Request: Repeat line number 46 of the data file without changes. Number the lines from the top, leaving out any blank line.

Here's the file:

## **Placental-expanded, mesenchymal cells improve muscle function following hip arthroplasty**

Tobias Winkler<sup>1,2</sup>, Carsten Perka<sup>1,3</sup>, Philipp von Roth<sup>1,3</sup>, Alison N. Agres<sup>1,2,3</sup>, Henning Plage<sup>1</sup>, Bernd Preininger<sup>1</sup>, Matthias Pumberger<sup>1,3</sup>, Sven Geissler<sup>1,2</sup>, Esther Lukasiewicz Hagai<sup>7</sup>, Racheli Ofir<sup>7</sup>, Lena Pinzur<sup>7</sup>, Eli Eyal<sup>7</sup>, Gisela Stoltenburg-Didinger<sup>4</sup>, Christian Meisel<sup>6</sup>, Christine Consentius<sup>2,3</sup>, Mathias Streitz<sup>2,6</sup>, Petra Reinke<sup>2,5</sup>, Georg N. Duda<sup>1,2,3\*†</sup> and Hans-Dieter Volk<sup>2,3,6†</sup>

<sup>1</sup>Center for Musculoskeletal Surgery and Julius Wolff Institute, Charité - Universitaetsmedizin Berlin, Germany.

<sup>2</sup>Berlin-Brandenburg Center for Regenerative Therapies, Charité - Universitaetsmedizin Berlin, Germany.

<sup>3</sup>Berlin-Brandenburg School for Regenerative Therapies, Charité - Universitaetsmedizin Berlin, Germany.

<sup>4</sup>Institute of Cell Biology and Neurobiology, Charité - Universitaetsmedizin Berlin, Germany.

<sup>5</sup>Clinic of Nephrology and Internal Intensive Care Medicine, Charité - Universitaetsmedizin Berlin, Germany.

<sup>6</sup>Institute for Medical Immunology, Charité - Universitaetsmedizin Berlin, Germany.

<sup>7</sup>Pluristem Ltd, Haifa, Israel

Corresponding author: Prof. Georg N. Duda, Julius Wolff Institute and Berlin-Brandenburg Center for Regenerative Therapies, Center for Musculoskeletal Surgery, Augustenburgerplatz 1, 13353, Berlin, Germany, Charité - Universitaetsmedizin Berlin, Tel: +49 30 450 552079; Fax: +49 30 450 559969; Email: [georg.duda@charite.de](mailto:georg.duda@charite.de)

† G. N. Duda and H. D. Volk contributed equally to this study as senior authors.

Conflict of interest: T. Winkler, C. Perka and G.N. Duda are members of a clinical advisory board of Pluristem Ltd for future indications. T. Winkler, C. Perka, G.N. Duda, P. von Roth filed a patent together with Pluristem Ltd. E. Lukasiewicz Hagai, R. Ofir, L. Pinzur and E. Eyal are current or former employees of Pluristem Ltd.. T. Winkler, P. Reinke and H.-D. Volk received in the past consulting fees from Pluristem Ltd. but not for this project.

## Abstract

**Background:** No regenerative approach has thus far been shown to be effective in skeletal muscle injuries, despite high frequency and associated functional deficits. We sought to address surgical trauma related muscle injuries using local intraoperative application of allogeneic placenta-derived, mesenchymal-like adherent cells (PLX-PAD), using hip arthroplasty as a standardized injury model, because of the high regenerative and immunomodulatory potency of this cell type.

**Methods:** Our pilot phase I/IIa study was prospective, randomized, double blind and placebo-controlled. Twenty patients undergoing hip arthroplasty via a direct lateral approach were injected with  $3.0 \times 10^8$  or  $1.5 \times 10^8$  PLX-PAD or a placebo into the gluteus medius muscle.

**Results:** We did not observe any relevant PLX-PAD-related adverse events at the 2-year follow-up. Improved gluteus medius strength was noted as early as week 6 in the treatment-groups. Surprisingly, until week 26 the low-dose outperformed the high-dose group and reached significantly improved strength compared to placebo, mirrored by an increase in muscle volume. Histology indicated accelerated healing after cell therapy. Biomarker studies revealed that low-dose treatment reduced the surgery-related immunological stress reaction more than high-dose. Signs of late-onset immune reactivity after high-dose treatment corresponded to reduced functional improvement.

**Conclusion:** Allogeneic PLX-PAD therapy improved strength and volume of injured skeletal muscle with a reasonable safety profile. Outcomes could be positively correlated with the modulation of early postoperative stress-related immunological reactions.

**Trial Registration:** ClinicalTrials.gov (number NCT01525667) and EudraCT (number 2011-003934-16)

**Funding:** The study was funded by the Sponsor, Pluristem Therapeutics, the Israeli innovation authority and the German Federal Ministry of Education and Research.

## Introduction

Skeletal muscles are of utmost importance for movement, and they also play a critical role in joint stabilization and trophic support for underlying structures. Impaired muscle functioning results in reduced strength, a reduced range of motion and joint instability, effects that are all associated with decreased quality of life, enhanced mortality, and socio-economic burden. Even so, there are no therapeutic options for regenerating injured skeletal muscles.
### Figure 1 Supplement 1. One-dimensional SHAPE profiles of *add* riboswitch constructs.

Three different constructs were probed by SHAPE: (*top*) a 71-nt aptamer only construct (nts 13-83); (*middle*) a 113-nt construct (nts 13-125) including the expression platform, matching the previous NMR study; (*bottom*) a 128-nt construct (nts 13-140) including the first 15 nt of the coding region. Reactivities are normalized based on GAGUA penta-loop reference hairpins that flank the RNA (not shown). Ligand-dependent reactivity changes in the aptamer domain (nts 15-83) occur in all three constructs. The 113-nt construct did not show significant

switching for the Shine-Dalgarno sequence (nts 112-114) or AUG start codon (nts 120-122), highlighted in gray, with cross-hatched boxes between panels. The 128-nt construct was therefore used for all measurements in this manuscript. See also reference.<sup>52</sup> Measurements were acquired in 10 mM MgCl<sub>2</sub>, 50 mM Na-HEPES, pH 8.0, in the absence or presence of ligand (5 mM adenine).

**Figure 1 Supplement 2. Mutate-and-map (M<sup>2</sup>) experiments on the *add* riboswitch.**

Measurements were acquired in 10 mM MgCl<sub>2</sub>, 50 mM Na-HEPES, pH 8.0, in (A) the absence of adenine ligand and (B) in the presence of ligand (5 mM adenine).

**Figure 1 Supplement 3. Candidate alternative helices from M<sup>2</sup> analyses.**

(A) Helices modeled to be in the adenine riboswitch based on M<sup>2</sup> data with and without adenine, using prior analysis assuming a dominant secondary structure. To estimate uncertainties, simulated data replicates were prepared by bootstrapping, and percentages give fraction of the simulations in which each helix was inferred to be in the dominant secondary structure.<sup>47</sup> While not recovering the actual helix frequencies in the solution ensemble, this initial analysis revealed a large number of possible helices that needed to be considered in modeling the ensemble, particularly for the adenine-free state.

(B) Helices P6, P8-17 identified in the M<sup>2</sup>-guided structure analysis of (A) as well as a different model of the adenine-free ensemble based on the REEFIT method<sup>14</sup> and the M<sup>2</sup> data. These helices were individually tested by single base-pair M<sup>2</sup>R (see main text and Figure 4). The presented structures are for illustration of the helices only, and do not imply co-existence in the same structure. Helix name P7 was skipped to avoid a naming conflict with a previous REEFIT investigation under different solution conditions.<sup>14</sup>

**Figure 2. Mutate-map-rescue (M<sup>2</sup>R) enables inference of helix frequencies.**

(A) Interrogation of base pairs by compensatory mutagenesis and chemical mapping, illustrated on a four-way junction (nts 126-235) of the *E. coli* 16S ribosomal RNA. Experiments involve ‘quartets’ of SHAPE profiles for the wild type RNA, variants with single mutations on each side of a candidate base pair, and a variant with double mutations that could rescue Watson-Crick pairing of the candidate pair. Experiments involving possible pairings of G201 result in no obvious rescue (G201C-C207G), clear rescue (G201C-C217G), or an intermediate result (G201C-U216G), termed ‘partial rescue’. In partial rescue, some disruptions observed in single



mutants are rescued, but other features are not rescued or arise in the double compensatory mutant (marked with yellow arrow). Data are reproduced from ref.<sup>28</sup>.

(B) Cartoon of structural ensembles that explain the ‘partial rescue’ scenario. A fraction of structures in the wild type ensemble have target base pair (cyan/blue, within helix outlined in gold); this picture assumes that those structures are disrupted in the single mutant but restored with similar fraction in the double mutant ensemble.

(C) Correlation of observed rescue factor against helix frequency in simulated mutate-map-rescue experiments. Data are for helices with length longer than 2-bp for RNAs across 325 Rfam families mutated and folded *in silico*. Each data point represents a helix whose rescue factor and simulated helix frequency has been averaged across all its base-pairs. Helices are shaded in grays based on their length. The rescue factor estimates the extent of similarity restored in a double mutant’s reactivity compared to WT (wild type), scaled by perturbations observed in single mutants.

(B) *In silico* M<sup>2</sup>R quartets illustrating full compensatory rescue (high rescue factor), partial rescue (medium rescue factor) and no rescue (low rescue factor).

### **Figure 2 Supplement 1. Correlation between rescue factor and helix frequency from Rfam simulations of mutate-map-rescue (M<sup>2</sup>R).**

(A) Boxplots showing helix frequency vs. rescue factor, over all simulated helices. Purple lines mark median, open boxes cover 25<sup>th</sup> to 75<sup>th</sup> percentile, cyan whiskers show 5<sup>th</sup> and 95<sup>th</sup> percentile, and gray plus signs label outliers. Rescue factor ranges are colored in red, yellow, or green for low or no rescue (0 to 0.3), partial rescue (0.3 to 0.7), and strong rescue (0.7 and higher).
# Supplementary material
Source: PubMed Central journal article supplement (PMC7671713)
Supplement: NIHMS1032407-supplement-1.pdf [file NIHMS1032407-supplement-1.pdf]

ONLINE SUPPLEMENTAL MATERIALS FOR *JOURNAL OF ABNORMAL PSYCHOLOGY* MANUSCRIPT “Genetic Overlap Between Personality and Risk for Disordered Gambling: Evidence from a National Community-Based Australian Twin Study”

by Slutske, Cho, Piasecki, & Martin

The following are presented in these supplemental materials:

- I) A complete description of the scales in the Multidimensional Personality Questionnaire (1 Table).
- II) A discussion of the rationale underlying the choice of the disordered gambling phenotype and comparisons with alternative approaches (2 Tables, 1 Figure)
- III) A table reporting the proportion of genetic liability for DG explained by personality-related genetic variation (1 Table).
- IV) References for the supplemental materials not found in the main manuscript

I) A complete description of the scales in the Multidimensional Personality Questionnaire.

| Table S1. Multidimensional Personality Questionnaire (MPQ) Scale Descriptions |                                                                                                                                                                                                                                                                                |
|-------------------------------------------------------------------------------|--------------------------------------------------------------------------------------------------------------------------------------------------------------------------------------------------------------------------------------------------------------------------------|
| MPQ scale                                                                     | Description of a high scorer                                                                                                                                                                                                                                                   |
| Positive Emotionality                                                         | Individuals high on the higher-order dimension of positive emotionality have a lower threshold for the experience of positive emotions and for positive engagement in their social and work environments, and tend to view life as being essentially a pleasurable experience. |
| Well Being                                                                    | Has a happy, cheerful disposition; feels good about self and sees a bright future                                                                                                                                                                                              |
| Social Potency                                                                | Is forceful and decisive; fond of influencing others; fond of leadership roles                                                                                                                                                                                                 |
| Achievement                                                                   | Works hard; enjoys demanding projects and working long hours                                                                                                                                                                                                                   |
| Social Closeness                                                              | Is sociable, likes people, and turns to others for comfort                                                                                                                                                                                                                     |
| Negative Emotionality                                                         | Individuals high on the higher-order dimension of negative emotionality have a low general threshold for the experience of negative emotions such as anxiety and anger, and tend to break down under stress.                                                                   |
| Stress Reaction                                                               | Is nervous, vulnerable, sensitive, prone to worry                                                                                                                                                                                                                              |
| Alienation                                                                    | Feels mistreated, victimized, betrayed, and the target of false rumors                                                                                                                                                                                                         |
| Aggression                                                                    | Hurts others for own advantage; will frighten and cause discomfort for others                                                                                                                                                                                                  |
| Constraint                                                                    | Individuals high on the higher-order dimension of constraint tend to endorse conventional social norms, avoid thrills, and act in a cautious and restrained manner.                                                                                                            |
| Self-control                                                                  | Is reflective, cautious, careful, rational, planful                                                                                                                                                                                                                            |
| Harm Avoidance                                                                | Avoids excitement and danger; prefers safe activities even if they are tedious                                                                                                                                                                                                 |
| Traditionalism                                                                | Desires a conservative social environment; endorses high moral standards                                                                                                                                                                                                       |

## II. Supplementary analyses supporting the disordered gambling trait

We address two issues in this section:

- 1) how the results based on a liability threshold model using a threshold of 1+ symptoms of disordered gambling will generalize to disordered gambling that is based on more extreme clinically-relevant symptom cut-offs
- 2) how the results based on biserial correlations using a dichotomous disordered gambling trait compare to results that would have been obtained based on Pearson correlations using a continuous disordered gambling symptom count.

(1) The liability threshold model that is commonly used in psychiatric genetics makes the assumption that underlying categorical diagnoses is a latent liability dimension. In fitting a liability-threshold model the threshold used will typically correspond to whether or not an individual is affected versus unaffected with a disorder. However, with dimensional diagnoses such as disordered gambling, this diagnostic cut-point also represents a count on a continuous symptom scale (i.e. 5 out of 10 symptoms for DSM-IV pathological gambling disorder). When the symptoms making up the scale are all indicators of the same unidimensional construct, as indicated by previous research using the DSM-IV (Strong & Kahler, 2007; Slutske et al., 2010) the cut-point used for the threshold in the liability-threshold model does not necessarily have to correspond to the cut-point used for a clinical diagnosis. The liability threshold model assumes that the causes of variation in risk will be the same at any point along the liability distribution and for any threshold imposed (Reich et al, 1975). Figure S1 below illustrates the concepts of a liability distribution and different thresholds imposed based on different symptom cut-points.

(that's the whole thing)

- III) A table reporting the proportion of genetic liability for DG explained by personality-related genetic variation (1 Table).